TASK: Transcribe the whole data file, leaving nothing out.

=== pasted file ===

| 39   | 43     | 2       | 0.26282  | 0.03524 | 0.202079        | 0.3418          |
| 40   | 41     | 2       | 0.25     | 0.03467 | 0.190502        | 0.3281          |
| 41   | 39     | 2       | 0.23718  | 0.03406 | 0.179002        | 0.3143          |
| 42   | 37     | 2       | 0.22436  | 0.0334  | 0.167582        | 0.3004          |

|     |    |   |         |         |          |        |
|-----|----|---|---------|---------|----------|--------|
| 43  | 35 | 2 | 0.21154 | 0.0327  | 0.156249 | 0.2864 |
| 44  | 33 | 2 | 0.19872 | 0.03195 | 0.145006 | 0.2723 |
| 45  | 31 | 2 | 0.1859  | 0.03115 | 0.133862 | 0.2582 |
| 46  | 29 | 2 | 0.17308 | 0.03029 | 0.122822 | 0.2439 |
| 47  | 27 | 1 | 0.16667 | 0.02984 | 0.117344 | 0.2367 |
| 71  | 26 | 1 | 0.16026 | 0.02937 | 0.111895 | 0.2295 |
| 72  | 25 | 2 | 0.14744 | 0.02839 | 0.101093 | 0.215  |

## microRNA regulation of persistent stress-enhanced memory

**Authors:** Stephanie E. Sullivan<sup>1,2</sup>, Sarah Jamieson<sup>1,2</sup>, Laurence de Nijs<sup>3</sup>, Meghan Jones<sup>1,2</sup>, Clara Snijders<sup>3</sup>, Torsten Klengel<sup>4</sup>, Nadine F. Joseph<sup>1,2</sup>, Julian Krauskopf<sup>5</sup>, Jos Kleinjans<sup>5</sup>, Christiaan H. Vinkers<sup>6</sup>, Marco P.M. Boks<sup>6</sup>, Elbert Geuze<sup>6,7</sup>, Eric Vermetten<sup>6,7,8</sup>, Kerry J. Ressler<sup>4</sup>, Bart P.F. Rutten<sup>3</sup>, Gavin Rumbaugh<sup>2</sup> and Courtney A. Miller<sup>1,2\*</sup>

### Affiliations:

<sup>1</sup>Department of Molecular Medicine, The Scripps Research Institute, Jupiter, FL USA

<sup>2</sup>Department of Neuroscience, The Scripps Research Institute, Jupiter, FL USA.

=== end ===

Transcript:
| 39   | 43     | 2       | 0.26282  | 0.03524 | 0.202079        | 0.3418          |
| 40   | 41     | 2       | 0.25     | 0.03467 | 0.190502        | 0.3281          |
| 41   | 39     | 2       | 0.23718  | 0.03406 | 0.179002        | 0.3143          |
| 42   | 37     | 2       | 0.22436  | 0.0334  | 0.167582        | 0.3004          |

|     |    |   |         |         |          |        |
|-----|----|---|---------|---------|----------|--------|
| 43  | 35 | 2 | 0.21154 | 0.0327  | 0.156249 | 0.2864 |
| 44  | 33 | 2 | 0.19872 | 0.03195 | 0.145006 | 0.2723 |
| 45  | 31 | 2 | 0.1859  | 0.03115 | 0.133862 | 0.2582 |
| 46  | 29 | 2 | 0.17308 | 0.03029 | 0.122822 | 0.2439 |
| 47  | 27 | 1 | 0.16667 | 0.02984 | 0.117344 | 0.2367 |
| 71  | 26 | 1 | 0.16026 | 0.02937 | 0.111895 | 0.2295 |
| 72  | 25 | 2 | 0.14744 | 0.02839 | 0.101093 | 0.215  |

## microRNA regulation of persistent stress-enhanced memory

**Authors:** Stephanie E. Sullivan<sup>1,2</sup>, Sarah Jamieson<sup>1,2</sup>, Laurence de Nijs<sup>3</sup>, Meghan Jones<sup>1,2</sup>, Clara Snijders<sup>3</sup>, Torsten Klengel<sup>4</sup>, Nadine F. Joseph<sup>1,2</sup>, Julian Krauskopf<sup>5</sup>, Jos Kleinjans<sup>5</sup>, Christiaan H. Vinkers<sup>6</sup>, Marco P.M. Boks<sup>6</sup>, Elbert Geuze<sup>6,7</sup>, Eric Vermetten<sup>6,7,8</sup>, Kerry J. Ressler<sup>4</sup>, Bart P.F. Rutten<sup>3</sup>, Gavin Rumbaugh<sup>2</sup> and Courtney A. Miller<sup>1,2\*</sup>

### Affiliations:

<sup>1</sup>Department of Molecular Medicine, The Scripps Research Institute, Jupiter, FL USA

<sup>2</sup>Department of Neuroscience, The Scripps Research Institute, Jupiter, FL USA.